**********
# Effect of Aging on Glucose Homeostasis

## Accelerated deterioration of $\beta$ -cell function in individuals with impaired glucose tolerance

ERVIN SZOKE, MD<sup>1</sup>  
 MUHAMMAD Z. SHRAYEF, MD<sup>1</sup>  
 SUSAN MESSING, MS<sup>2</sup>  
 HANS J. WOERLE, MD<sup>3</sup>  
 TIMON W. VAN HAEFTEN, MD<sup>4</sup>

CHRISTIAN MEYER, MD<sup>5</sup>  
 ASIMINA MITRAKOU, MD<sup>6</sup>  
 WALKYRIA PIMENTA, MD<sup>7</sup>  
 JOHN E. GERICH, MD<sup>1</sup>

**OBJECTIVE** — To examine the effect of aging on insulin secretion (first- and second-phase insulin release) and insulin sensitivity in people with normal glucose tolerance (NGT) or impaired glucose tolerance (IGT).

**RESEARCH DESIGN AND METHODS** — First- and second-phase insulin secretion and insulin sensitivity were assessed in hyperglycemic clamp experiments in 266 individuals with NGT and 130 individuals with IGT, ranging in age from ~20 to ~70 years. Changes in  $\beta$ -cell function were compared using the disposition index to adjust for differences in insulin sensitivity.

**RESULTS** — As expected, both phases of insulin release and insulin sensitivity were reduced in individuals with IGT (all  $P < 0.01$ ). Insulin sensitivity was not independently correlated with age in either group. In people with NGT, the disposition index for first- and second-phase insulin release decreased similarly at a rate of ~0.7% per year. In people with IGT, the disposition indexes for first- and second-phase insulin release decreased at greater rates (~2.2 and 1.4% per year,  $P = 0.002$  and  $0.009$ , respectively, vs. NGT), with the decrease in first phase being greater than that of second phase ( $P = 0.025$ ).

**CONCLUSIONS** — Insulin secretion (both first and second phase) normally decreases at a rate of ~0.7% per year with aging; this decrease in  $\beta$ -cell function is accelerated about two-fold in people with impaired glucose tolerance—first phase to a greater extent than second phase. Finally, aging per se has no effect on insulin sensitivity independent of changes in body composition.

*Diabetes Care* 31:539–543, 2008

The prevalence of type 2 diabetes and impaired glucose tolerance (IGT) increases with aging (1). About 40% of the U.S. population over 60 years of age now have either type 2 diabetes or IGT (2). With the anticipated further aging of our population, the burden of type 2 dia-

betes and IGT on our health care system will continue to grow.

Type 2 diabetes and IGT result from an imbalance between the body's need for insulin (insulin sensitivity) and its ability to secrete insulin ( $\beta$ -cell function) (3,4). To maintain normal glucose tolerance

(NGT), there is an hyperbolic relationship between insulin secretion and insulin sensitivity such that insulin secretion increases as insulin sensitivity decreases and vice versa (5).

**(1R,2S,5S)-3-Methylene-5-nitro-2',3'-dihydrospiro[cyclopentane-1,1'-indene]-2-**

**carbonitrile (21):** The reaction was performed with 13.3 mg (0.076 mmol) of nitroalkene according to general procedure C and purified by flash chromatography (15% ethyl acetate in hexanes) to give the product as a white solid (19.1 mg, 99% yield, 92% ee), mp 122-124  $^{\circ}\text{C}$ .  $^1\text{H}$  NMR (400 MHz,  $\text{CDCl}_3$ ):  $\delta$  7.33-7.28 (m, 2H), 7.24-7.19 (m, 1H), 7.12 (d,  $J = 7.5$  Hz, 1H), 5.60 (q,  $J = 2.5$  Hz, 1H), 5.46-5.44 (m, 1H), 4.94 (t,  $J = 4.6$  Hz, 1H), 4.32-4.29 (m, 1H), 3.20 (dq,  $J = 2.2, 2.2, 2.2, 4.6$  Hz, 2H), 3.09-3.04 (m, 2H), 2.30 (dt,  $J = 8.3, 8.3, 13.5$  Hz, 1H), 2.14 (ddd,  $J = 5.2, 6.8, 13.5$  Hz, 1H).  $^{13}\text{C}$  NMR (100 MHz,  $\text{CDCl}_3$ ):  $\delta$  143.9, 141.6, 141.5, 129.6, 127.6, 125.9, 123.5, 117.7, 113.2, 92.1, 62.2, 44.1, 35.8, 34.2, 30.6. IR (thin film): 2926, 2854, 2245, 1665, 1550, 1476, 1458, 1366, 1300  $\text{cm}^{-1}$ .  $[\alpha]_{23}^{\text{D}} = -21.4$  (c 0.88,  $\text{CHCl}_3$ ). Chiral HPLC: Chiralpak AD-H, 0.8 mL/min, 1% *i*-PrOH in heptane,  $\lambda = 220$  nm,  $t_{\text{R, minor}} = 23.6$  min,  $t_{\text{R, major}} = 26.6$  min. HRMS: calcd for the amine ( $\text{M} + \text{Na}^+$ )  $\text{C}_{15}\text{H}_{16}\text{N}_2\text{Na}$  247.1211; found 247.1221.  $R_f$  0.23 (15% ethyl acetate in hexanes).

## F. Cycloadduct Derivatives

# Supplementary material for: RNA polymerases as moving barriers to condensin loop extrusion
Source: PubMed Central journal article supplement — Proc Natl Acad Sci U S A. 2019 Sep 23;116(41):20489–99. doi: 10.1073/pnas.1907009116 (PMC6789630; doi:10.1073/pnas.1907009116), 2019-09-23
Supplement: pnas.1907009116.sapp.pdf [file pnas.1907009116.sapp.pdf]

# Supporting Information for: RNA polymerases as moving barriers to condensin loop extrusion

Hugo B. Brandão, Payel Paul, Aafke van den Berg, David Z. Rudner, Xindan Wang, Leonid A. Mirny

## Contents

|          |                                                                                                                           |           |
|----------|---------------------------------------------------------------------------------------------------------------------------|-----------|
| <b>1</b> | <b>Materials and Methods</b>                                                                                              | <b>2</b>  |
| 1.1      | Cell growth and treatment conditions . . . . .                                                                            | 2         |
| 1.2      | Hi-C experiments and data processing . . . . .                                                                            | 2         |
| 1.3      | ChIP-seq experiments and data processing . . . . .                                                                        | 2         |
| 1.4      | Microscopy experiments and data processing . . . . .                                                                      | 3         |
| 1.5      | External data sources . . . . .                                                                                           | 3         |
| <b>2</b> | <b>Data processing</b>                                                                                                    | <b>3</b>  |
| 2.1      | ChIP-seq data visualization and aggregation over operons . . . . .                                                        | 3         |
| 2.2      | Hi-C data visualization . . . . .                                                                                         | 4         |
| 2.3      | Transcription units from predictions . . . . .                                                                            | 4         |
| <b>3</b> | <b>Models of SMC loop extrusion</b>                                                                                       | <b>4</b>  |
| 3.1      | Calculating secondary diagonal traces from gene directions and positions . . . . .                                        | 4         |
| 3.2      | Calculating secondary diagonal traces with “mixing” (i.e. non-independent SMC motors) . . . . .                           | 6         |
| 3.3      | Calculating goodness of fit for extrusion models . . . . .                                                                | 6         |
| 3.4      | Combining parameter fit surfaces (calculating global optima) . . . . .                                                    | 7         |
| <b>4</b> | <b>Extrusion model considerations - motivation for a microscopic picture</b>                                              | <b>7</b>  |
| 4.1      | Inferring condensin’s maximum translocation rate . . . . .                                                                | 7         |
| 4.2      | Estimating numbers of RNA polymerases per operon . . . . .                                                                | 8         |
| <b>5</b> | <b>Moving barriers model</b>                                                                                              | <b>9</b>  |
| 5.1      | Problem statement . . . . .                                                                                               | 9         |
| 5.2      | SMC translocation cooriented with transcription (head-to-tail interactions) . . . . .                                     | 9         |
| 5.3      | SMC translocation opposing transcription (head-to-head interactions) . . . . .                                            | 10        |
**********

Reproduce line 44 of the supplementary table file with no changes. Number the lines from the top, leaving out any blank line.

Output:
| 3.2      | Calculating secondary diagonal traces with “mixing” (i.e. non-independent SMC motors) . . . . .                           | 6         |